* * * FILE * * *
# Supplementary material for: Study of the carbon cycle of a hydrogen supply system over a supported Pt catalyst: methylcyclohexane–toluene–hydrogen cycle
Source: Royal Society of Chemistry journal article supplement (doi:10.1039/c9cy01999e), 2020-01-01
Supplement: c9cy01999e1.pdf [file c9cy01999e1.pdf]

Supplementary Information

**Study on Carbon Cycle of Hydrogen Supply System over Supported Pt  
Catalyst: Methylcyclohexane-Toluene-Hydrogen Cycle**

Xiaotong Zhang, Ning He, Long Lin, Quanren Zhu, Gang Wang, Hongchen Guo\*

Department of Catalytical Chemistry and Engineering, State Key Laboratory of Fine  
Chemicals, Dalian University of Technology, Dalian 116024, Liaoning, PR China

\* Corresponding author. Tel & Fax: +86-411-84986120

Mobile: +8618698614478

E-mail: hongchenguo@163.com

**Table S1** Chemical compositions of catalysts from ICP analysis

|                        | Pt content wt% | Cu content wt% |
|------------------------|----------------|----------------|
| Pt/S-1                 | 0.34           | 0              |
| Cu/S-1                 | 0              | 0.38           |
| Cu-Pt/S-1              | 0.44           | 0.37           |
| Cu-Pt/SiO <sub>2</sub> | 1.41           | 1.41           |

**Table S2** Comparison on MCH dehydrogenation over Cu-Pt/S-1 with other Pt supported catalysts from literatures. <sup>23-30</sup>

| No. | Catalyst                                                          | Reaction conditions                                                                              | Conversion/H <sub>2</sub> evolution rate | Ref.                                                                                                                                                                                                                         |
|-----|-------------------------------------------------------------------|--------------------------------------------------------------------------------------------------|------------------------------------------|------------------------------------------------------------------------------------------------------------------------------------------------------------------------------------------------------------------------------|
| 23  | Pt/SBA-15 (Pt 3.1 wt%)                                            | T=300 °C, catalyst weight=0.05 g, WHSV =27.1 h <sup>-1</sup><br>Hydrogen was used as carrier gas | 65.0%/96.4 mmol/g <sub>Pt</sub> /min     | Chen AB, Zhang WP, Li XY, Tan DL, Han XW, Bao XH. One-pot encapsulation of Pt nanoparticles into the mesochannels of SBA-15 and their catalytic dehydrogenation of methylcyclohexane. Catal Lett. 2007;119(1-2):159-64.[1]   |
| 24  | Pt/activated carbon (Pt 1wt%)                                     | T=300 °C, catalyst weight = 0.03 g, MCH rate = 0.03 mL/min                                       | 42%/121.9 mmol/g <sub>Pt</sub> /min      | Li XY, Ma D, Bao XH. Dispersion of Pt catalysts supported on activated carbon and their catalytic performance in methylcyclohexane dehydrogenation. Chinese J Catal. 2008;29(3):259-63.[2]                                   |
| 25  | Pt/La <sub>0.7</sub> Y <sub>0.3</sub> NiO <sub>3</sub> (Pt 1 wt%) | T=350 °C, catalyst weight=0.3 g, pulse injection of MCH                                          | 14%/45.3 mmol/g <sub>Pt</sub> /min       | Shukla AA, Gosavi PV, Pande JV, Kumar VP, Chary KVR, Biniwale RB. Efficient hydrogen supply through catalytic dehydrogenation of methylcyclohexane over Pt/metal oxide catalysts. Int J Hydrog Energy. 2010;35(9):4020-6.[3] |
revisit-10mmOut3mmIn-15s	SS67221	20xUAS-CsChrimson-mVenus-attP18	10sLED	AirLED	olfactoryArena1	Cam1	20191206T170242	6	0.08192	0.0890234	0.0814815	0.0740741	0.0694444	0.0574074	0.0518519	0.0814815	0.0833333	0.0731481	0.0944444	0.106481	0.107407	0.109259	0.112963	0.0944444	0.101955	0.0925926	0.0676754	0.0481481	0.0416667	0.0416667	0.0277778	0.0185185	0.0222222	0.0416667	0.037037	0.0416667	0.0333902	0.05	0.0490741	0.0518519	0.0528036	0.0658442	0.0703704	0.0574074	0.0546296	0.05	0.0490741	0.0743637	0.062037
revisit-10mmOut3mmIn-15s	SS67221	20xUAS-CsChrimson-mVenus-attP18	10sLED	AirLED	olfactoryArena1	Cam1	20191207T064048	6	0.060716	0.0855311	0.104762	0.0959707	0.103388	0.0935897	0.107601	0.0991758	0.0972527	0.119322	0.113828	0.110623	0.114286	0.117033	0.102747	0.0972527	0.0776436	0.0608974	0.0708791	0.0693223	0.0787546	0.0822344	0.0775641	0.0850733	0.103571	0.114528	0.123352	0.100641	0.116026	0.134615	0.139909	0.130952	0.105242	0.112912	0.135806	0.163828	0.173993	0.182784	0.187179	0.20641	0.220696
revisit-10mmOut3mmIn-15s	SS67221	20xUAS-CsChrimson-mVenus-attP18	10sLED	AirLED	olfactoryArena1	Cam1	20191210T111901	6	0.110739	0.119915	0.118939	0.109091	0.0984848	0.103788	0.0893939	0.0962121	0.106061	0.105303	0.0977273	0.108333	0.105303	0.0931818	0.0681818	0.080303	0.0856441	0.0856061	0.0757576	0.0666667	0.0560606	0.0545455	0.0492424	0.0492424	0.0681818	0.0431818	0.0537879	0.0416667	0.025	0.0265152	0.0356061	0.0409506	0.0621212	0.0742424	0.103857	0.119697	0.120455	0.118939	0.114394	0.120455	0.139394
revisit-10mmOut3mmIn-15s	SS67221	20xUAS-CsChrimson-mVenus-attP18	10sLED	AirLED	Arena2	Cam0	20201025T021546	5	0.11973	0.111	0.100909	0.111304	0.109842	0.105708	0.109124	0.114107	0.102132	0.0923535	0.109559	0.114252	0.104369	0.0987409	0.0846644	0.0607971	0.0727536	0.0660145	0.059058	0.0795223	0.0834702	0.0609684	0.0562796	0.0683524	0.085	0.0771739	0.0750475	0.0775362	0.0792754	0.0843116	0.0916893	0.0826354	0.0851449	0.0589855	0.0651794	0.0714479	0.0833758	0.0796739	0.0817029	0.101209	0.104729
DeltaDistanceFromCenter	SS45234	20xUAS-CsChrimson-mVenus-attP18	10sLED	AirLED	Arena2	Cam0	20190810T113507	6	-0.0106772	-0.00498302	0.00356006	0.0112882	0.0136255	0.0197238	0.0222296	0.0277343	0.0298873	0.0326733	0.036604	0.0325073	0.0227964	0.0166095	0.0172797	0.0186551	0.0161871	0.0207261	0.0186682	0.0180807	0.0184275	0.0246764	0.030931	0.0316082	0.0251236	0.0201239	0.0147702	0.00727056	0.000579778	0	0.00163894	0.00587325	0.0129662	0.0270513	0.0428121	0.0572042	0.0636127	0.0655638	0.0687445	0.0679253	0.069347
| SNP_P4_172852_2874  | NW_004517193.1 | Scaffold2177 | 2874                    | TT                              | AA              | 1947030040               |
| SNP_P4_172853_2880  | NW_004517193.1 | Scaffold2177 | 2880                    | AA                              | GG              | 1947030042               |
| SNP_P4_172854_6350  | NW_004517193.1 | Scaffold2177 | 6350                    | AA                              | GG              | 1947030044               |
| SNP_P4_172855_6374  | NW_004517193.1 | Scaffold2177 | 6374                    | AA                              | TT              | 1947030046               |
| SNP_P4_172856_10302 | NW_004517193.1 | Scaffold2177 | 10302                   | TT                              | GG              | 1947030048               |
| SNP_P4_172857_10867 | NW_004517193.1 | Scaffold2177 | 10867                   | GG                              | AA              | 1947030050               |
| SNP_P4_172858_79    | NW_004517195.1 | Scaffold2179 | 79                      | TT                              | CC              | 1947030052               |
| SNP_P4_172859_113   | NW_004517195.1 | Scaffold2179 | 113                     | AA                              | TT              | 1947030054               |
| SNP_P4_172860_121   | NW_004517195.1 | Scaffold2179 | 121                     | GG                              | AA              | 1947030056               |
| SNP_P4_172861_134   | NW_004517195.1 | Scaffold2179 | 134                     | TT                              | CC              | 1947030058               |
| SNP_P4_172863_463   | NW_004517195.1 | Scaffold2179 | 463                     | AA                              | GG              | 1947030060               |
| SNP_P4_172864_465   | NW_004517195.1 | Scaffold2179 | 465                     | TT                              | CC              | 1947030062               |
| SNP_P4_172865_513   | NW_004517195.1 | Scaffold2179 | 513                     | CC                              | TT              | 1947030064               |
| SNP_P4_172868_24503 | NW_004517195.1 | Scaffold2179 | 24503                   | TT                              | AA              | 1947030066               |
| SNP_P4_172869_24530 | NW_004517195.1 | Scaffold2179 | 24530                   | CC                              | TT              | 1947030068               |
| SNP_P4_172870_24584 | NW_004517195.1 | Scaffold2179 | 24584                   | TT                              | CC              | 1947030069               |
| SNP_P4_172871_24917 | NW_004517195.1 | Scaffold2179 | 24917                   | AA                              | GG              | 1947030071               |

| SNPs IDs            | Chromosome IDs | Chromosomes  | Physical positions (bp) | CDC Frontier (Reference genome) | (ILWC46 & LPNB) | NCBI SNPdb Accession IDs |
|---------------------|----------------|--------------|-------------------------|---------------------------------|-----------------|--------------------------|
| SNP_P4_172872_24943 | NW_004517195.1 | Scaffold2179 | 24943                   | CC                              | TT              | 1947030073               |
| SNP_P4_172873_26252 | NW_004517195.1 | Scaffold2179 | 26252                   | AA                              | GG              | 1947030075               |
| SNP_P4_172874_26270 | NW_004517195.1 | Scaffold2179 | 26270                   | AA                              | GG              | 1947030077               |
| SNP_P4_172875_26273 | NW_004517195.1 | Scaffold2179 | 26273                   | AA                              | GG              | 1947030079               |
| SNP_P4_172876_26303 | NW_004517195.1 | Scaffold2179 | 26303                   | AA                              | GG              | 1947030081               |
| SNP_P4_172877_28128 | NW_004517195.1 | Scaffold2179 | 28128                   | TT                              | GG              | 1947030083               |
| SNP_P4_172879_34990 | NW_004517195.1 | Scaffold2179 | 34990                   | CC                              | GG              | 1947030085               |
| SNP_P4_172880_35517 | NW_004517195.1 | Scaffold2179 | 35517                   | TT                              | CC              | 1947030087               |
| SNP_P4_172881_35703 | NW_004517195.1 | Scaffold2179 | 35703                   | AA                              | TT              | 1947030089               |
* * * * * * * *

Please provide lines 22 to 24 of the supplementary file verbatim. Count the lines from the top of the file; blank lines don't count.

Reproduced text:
|-----|-------------------------------------------------------------------|--------------------------------------------------------------------------------------------------|------------------------------------------|------------------------------------------------------------------------------------------------------------------------------------------------------------------------------------------------------------------------------|
| 23  | Pt/SBA-15 (Pt 3.1 wt%)                                            | T=300 °C, catalyst weight=0.05 g, WHSV =27.1 h <sup>-1</sup><br>Hydrogen was used as carrier gas | 65.0%/96.4 mmol/g <sub>Pt</sub> /min     | Chen AB, Zhang WP, Li XY, Tan DL, Han XW, Bao XH. One-pot encapsulation of Pt nanoparticles into the mesochannels of SBA-15 and their catalytic dehydrogenation of methylcyclohexane. Catal Lett. 2007;119(1-2):159-64.[1]   |
| 24  | Pt/activated carbon (Pt 1wt%)                                     | T=300 °C, catalyst weight = 0.03 g, MCH rate = 0.03 mL/min                                       | 42%/121.9 mmol/g <sub>Pt</sub> /min      | Li XY, Ma D, Bao XH. Dispersion of Pt catalysts supported on activated carbon and their catalytic performance in methylcyclohexane dehydrogenation. Chinese J Catal. 2008;29(3):259-63.[2]                                   |